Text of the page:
I still remember those early days when I just moved to China. I lived in Yangshuo, a touristy little town in Guangxi province. There was luckily a decent expat community, so I still had Western conversations and didn’t have to speak Chinese.
But, soon I started to see that to be totally immersed in China was quite difficult. There were no Western products and I was surprised when I went from supermarket to local grocery shop to beauty shop to finally understand that Chinese don’t use deodorant. I was quite shocked as in the West, men and women use deodorant from when they are a teenager. I couldn’t understand and didn’t believe it at first.
Another most awkward and frustrating moment was to realize that Chinese women don’t use tampons. No way that I would go back to grandma’s sanitary pads!
So, I remember that I emailed my mother in exasperation to quickly send me deodorant and tampons (and while sending those anyway, some Belgian chocolate to comfort me. For us Belgians this is as much a basic need as these other two).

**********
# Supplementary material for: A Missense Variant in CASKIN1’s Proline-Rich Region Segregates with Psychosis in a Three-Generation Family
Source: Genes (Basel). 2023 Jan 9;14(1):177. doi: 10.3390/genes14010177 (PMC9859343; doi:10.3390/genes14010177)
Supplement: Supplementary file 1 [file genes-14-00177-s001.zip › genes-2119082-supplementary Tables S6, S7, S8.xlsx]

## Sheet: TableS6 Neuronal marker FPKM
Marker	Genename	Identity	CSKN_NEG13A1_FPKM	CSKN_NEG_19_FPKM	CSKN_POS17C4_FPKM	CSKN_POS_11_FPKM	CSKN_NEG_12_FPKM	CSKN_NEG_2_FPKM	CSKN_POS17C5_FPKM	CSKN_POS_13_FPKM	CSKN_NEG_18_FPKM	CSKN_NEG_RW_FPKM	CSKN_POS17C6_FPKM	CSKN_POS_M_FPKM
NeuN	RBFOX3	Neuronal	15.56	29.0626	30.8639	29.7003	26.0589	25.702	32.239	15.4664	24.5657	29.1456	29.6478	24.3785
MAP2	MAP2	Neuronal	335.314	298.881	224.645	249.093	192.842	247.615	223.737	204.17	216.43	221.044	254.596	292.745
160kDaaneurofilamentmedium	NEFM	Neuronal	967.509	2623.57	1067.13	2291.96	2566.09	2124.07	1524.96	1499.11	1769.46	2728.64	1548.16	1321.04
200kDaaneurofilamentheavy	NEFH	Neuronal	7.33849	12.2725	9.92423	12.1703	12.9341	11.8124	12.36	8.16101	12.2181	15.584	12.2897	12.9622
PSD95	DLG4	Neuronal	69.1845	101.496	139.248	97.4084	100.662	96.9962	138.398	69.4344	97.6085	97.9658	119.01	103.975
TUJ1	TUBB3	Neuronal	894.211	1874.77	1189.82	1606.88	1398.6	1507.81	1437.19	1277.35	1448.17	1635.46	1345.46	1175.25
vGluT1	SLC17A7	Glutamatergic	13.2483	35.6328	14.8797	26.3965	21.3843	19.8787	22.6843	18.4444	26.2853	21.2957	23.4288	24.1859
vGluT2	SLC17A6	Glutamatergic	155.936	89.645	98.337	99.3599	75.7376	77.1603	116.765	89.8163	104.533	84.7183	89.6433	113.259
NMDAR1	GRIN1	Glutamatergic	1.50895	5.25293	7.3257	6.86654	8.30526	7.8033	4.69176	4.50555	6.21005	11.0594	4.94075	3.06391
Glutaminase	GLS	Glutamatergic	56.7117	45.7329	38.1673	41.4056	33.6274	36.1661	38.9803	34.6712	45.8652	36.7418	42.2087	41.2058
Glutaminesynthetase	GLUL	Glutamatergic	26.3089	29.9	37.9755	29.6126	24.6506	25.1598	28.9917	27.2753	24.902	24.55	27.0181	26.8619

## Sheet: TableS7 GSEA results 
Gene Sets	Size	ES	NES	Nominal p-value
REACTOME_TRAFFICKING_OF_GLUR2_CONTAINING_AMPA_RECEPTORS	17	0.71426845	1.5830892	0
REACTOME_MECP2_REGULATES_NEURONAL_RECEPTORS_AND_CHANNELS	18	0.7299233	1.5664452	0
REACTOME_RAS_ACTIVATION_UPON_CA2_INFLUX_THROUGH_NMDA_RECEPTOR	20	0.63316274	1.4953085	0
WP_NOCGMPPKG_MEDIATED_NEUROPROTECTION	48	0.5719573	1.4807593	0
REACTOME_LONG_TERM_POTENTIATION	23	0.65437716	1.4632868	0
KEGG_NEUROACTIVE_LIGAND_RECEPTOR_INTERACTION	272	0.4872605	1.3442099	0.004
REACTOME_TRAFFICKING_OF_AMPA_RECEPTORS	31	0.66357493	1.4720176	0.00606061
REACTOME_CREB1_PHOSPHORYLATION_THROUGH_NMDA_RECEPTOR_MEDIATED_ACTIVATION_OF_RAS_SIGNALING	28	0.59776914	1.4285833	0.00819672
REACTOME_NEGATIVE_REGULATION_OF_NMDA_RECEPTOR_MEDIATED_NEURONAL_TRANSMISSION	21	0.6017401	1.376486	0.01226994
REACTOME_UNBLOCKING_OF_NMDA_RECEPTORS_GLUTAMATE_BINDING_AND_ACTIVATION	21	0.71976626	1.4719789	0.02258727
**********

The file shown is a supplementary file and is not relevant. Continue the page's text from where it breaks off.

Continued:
Flash forward 9 years later and married to a Chinese for almost 3 years now. He doesn’t understand the deodorant thing and another Western thing: shaving armpits and legs.
Last week, was the first time my husband ever used deodorant as he sees me doing it every day and doesn’t understand why. So, he finally had the courage to try it himself.
The other thing we even had some big discussions about was why I had to shave my armpits and legs. I told him that I feel like a man if I don’t and I want to feel like a woman. I don’t care that much about clothes or shoes, but there is no way I am going to let my hair grow in these places.
In the beginning of our relationship, we went trekking for at least 6 days by tent. We couldn’t shower during those 6 days and I felt an immense relief when I could finally shower, but the best part was, to be able to remove the hair from my legs. I felt civilized and clean again.
It’s interesting to see the differences in cultures and it doesn’t have to be the big things. It’s those little everyday things that make it interesting. I would never stop to think about using deodorant or shaving legs in the West and nobody would mention it as it is such a normal thing to do. But in China you see that it is not so common and that other people see it as something weird to do.
I can’t wait to take my husband back to Europe and see what he thinks of it. Now, he just went for 2 weeks on holiday, but that is not the same as living there and starting to miss those everyday little habits that you do! Although, I already got him hooked on drinking a cup of coffee every morning. He is slowly getting there.